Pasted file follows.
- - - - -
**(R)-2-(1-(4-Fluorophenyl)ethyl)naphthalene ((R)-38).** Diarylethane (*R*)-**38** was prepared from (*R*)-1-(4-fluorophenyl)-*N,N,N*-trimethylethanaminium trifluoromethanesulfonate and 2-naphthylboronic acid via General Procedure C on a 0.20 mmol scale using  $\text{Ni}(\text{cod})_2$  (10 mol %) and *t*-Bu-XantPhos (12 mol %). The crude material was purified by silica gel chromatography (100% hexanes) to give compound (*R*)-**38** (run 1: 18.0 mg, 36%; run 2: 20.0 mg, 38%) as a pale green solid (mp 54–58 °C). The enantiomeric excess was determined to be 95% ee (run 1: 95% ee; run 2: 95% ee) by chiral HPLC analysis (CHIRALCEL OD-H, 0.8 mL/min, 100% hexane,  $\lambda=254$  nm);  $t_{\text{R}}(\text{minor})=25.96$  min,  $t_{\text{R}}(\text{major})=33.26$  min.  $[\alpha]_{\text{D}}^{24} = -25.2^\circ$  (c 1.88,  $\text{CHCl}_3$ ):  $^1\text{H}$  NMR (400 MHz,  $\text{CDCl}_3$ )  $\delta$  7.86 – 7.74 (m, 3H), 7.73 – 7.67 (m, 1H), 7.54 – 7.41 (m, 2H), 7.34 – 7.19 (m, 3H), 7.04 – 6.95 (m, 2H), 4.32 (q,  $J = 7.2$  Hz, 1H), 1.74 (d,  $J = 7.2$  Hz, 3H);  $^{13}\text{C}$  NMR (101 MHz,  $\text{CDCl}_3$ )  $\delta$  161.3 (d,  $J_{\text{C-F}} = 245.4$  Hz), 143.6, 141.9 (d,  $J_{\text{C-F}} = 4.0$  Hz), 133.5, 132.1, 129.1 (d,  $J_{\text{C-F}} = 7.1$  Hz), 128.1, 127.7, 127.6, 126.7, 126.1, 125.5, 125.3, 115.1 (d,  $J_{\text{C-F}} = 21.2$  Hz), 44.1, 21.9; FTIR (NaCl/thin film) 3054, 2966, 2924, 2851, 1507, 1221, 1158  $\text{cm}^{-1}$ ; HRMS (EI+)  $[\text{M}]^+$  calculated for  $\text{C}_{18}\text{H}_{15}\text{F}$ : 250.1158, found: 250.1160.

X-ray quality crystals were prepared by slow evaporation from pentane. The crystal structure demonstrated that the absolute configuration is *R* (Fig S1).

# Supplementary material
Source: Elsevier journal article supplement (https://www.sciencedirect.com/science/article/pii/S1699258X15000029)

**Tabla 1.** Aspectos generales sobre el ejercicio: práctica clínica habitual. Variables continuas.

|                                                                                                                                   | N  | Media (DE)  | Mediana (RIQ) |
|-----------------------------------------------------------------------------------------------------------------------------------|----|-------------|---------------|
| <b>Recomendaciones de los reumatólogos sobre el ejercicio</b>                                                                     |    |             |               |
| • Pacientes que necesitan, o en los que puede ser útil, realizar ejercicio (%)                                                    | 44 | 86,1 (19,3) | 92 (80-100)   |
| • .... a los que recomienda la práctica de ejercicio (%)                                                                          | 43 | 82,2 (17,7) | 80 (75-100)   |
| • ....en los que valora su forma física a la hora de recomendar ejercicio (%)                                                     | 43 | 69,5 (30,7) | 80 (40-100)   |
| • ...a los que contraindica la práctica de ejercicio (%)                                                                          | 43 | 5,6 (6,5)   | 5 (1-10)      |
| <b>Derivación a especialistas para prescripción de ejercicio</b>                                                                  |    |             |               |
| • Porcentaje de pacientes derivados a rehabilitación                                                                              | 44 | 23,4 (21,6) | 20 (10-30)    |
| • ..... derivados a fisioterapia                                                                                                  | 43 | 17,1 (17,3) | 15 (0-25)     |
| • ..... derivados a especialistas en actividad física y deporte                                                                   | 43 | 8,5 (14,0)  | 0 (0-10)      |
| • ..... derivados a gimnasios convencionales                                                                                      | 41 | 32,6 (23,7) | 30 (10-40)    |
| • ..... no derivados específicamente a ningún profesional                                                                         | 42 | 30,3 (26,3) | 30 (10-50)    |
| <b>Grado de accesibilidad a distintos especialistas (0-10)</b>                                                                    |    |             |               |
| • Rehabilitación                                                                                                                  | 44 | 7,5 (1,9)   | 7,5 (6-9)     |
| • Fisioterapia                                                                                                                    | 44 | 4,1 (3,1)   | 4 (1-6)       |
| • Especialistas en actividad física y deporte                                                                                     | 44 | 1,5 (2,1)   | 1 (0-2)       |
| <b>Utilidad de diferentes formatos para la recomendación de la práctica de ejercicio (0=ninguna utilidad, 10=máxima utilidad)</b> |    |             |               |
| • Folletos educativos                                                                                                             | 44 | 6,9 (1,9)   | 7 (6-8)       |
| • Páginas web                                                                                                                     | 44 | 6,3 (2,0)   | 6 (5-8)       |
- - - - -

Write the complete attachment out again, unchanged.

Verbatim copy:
**(R)-2-(1-(4-Fluorophenyl)ethyl)naphthalene ((R)-38).** Diarylethane (*R*)-**38** was prepared from (*R*)-1-(4-fluorophenyl)-*N,N,N*-trimethylethanaminium trifluoromethanesulfonate and 2-naphthylboronic acid via General Procedure C on a 0.20 mmol scale using  $\text{Ni}(\text{cod})_2$  (10 mol %) and *t*-Bu-XantPhos (12 mol %). The crude material was purified by silica gel chromatography (100% hexanes) to give compound (*R*)-**38** (run 1: 18.0 mg, 36%; run 2: 20.0 mg, 38%) as a pale green solid (mp 54–58 °C). The enantiomeric excess was determined to be 95% ee (run 1: 95% ee; run 2: 95% ee) by chiral HPLC analysis (CHIRALCEL OD-H, 0.8 mL/min, 100% hexane,  $\lambda=254$  nm);  $t_{\text{R}}(\text{minor})=25.96$  min,  $t_{\text{R}}(\text{major})=33.26$  min.  $[\alpha]_{\text{D}}^{24} = -25.2^\circ$  (c 1.88,  $\text{CHCl}_3$ ):  $^1\text{H}$  NMR (400 MHz,  $\text{CDCl}_3$ )  $\delta$  7.86 – 7.74 (m, 3H), 7.73 – 7.67 (m, 1H), 7.54 – 7.41 (m, 2H), 7.34 – 7.19 (m, 3H), 7.04 – 6.95 (m, 2H), 4.32 (q,  $J = 7.2$  Hz, 1H), 1.74 (d,  $J = 7.2$  Hz, 3H);  $^{13}\text{C}$  NMR (101 MHz,  $\text{CDCl}_3$ )  $\delta$  161.3 (d,  $J_{\text{C-F}} = 245.4$  Hz), 143.6, 141.9 (d,  $J_{\text{C-F}} = 4.0$  Hz), 133.5, 132.1, 129.1 (d,  $J_{\text{C-F}} = 7.1$  Hz), 128.1, 127.7, 127.6, 126.7, 126.1, 125.5, 125.3, 115.1 (d,  $J_{\text{C-F}} = 21.2$  Hz), 44.1, 21.9; FTIR (NaCl/thin film) 3054, 2966, 2924, 2851, 1507, 1221, 1158  $\text{cm}^{-1}$ ; HRMS (EI+)  $[\text{M}]^+$  calculated for  $\text{C}_{18}\text{H}_{15}\text{F}$ : 250.1158, found: 250.1160.

X-ray quality crystals were prepared by slow evaporation from pentane. The crystal structure demonstrated that the absolute configuration is *R* (Fig S1).

# Supplementary material
Source: Elsevier journal article supplement (https://www.sciencedirect.com/science/article/pii/S1699258X15000029)

**Tabla 1.** Aspectos generales sobre el ejercicio: práctica clínica habitual. Variables continuas.

|                                                                                                                                   | N  | Media (DE)  | Mediana (RIQ) |
|-----------------------------------------------------------------------------------------------------------------------------------|----|-------------|---------------|
| <b>Recomendaciones de los reumatólogos sobre el ejercicio</b>                                                                     |    |             |               |
| • Pacientes que necesitan, o en los que puede ser útil, realizar ejercicio (%)                                                    | 44 | 86,1 (19,3) | 92 (80-100)   |
| • .... a los que recomienda la práctica de ejercicio (%)                                                                          | 43 | 82,2 (17,7) | 80 (75-100)   |
| • ....en los que valora su forma física a la hora de recomendar ejercicio (%)                                                     | 43 | 69,5 (30,7) | 80 (40-100)   |
| • ...a los que contraindica la práctica de ejercicio (%)                                                                          | 43 | 5,6 (6,5)   | 5 (1-10)      |
| <b>Derivación a especialistas para prescripción de ejercicio</b>                                                                  |    |             |               |
| • Porcentaje de pacientes derivados a rehabilitación                                                                              | 44 | 23,4 (21,6) | 20 (10-30)    |
| • ..... derivados a fisioterapia                                                                                                  | 43 | 17,1 (17,3) | 15 (0-25)     |
| • ..... derivados a especialistas en actividad física y deporte                                                                   | 43 | 8,5 (14,0)  | 0 (0-10)      |
| • ..... derivados a gimnasios convencionales                                                                                      | 41 | 32,6 (23,7) | 30 (10-40)    |
| • ..... no derivados específicamente a ningún profesional                                                                         | 42 | 30,3 (26,3) | 30 (10-50)    |
| <b>Grado de accesibilidad a distintos especialistas (0-10)</b>                                                                    |    |             |               |
| • Rehabilitación                                                                                                                  | 44 | 7,5 (1,9)   | 7,5 (6-9)     |
| • Fisioterapia                                                                                                                    | 44 | 4,1 (3,1)   | 4 (1-6)       |
| • Especialistas en actividad física y deporte                                                                                     | 44 | 1,5 (2,1)   | 1 (0-2)       |
| <b>Utilidad de diferentes formatos para la recomendación de la práctica de ejercicio (0=ninguna utilidad, 10=máxima utilidad)</b> |    |             |               |
| • Folletos educativos                                                                                                             | 44 | 6,9 (1,9)   | 7 (6-8)       |
| • Páginas web                                                                                                                     | 44 | 6,3 (2,0)   | 6 (5-8)       |